In yet another attempt to stem the looting of Cambodia’s forests, lakes and rivers, the Interior Ministry has given all cities and provinces until July 20 to submit detailed reports on all the illegal logging and fishing taking place in their jurisdictions.
The latest initiative comes by way of a July 4 letter signed by Interior Minister Sar Kheng, following up on a Council of Ministers letter from April that called on all levels of government to preserve the country’s fisheries and protected forests.
Mr. Kheng’s letter calls on the cities and provinces “to report to the government about their measures to protect forests, fisheries and protected areas” by July 20.
It asks them to detail what measures they have taken to stamp out illegal logging and fishing, to estimate how much of each is taking place and explain what challenge they are facing in their efforts. The letter asks provincial officials to list all the shops buying and selling wood and making furniture, both legally and illegally. Provinces bordering another country are also asked to list all checkpoints and corridors being used to ship timber out of Cambodia.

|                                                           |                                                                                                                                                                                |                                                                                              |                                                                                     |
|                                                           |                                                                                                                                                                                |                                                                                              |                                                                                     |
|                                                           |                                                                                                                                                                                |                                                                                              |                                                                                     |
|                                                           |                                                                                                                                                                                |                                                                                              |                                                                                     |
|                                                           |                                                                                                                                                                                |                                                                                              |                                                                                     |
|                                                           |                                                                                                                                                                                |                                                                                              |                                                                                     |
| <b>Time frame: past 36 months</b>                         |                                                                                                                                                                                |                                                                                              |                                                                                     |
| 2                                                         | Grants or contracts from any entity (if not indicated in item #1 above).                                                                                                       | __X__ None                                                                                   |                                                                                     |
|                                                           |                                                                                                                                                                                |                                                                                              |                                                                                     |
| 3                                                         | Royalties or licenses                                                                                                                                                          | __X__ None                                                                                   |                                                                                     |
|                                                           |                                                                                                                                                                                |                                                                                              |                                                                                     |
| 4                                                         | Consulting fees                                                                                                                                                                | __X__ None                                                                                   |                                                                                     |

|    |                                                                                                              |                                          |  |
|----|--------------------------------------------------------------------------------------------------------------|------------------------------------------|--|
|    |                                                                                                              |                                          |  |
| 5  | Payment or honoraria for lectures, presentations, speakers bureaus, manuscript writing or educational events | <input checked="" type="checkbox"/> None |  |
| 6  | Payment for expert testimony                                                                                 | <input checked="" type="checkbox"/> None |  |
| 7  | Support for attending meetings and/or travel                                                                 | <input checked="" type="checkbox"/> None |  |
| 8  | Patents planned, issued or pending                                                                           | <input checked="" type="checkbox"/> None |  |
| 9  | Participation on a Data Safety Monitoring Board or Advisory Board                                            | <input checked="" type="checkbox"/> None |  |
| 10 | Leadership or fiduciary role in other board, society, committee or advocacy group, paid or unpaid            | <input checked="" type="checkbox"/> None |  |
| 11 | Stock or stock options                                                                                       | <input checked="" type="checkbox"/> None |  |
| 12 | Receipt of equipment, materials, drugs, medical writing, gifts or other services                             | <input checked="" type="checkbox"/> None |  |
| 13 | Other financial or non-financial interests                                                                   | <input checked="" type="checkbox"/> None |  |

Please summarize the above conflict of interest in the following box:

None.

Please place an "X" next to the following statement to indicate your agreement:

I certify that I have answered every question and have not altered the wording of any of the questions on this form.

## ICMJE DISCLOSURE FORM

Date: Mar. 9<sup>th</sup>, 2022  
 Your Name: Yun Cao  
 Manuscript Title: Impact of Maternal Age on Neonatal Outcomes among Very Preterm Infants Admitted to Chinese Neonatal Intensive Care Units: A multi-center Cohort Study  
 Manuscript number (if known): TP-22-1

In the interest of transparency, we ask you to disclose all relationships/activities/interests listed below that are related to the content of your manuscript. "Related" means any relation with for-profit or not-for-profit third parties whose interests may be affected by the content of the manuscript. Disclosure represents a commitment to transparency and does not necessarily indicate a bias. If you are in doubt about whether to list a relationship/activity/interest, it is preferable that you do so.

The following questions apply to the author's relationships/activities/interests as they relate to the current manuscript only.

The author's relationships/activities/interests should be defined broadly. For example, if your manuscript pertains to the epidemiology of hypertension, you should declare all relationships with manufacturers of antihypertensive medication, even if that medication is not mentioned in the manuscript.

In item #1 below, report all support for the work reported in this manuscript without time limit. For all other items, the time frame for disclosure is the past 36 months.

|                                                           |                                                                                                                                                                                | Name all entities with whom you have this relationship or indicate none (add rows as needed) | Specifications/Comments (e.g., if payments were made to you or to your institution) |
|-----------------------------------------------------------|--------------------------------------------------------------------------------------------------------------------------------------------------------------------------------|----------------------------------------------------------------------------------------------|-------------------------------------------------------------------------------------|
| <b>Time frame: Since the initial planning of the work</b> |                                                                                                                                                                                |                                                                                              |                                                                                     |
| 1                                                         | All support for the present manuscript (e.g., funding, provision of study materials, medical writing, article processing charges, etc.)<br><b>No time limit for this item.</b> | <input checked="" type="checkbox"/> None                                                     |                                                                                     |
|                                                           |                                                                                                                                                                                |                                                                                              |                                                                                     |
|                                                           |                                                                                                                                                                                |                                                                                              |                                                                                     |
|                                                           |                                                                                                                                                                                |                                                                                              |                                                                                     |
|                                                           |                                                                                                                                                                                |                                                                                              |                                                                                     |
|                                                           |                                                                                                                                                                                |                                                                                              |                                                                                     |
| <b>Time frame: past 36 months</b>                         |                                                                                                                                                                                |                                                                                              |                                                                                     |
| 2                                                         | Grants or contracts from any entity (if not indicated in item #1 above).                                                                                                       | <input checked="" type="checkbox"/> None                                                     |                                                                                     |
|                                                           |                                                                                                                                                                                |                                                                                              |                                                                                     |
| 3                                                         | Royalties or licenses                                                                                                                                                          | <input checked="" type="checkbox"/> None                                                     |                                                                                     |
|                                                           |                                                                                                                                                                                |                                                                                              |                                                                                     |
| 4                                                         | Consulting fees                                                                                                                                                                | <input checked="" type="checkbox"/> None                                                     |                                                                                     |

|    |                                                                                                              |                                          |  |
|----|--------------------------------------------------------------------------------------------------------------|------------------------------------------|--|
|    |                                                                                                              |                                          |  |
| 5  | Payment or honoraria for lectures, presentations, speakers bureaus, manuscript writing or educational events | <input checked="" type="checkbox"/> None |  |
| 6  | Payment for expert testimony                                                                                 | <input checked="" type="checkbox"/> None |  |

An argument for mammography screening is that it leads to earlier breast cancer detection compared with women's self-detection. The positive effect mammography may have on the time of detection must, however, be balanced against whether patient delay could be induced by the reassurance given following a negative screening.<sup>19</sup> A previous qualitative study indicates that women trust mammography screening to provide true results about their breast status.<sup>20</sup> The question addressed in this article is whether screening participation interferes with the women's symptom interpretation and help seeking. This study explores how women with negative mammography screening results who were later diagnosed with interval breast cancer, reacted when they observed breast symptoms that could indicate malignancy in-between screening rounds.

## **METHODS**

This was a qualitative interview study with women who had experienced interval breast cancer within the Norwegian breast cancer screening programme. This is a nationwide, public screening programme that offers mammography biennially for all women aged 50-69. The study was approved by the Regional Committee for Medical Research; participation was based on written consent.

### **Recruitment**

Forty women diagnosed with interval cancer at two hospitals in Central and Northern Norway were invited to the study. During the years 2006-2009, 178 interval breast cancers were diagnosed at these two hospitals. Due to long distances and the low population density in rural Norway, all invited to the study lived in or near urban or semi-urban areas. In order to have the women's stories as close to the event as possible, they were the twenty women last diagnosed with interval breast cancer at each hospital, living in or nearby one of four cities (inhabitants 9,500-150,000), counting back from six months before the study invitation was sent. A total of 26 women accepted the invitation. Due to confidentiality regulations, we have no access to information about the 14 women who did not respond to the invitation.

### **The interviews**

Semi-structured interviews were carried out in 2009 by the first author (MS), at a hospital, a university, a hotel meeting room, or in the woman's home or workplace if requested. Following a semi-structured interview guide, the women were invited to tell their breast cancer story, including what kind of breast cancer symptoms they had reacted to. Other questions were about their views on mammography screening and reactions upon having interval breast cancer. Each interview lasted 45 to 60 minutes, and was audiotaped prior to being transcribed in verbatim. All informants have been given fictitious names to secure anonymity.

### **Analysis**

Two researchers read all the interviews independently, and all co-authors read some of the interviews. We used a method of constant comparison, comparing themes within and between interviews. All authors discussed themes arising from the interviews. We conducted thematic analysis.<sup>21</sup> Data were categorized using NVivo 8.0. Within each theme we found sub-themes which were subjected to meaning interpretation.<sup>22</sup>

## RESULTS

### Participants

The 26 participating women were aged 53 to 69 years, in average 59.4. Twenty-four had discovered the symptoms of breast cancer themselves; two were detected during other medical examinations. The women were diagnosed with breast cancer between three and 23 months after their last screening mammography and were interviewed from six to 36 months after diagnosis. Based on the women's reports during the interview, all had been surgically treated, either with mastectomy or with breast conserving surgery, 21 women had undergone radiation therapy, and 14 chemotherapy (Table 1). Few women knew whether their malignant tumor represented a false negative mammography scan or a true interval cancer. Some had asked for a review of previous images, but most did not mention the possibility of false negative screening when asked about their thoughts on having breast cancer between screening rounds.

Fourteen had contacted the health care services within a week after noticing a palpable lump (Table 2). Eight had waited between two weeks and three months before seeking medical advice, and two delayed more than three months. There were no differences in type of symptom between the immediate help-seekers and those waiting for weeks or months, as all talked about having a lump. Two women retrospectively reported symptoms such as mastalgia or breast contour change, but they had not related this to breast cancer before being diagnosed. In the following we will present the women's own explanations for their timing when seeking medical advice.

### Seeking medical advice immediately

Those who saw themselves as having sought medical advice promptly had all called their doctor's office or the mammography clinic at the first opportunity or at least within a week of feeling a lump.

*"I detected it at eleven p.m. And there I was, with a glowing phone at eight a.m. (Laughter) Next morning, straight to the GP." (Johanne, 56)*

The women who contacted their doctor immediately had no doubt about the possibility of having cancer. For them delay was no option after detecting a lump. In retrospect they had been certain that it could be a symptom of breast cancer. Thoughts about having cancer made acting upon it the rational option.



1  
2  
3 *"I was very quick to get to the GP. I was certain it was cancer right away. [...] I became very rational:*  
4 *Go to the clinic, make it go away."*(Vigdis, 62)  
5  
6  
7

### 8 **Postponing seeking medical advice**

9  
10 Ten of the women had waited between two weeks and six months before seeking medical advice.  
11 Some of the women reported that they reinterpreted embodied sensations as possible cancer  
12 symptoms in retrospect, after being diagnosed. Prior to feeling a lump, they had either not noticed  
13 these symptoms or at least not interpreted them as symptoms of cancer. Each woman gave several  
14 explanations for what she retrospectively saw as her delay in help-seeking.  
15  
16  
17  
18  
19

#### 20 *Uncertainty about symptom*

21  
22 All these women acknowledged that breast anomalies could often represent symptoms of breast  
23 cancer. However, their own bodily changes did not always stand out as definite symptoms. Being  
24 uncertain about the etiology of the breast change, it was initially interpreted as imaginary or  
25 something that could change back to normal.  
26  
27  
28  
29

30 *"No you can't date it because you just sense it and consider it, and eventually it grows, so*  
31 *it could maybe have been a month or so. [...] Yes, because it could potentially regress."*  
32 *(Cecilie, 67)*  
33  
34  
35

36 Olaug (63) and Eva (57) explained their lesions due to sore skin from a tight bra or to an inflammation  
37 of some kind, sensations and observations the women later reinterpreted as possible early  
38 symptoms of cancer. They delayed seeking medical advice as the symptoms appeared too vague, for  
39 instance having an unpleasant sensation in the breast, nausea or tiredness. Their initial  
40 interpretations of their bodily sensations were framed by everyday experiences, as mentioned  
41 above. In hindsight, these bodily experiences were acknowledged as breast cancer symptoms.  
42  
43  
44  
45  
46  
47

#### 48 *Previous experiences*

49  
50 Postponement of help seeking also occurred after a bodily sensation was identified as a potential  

The minister’s letter does not explain the timing of the order. A spokesman for the ministry could not be reached for comment.
Chhim Savuth, head of the Natural Resources Protection Group, said past orders from Prime Minister Hun Sen himself to crack down on illegal logging and fishing had done nothing to stem the problem.
“We have seen sub-decrees and notices before to stop illegal logging and transport, but there is still widespread illegal logging, even in protected areas and community forests,” he said.
Chan Soveth, deputy head of monitoring for rights group Adhoc, said the order may work for a short time, but added that rampant corruption would make it difficult to genuinely root out the bad actors.
“It will not work because the government does not implement the Forestry Law effectively,” he said. “It [the government] prioritizes nepotism over the interests of society, so they will not arrest any officials. If they made arrests, they would lose their jobs.”
Rights groups say most illegal logging goes unchecked, and often with the consent or assistance of local officials, police and soldiers.
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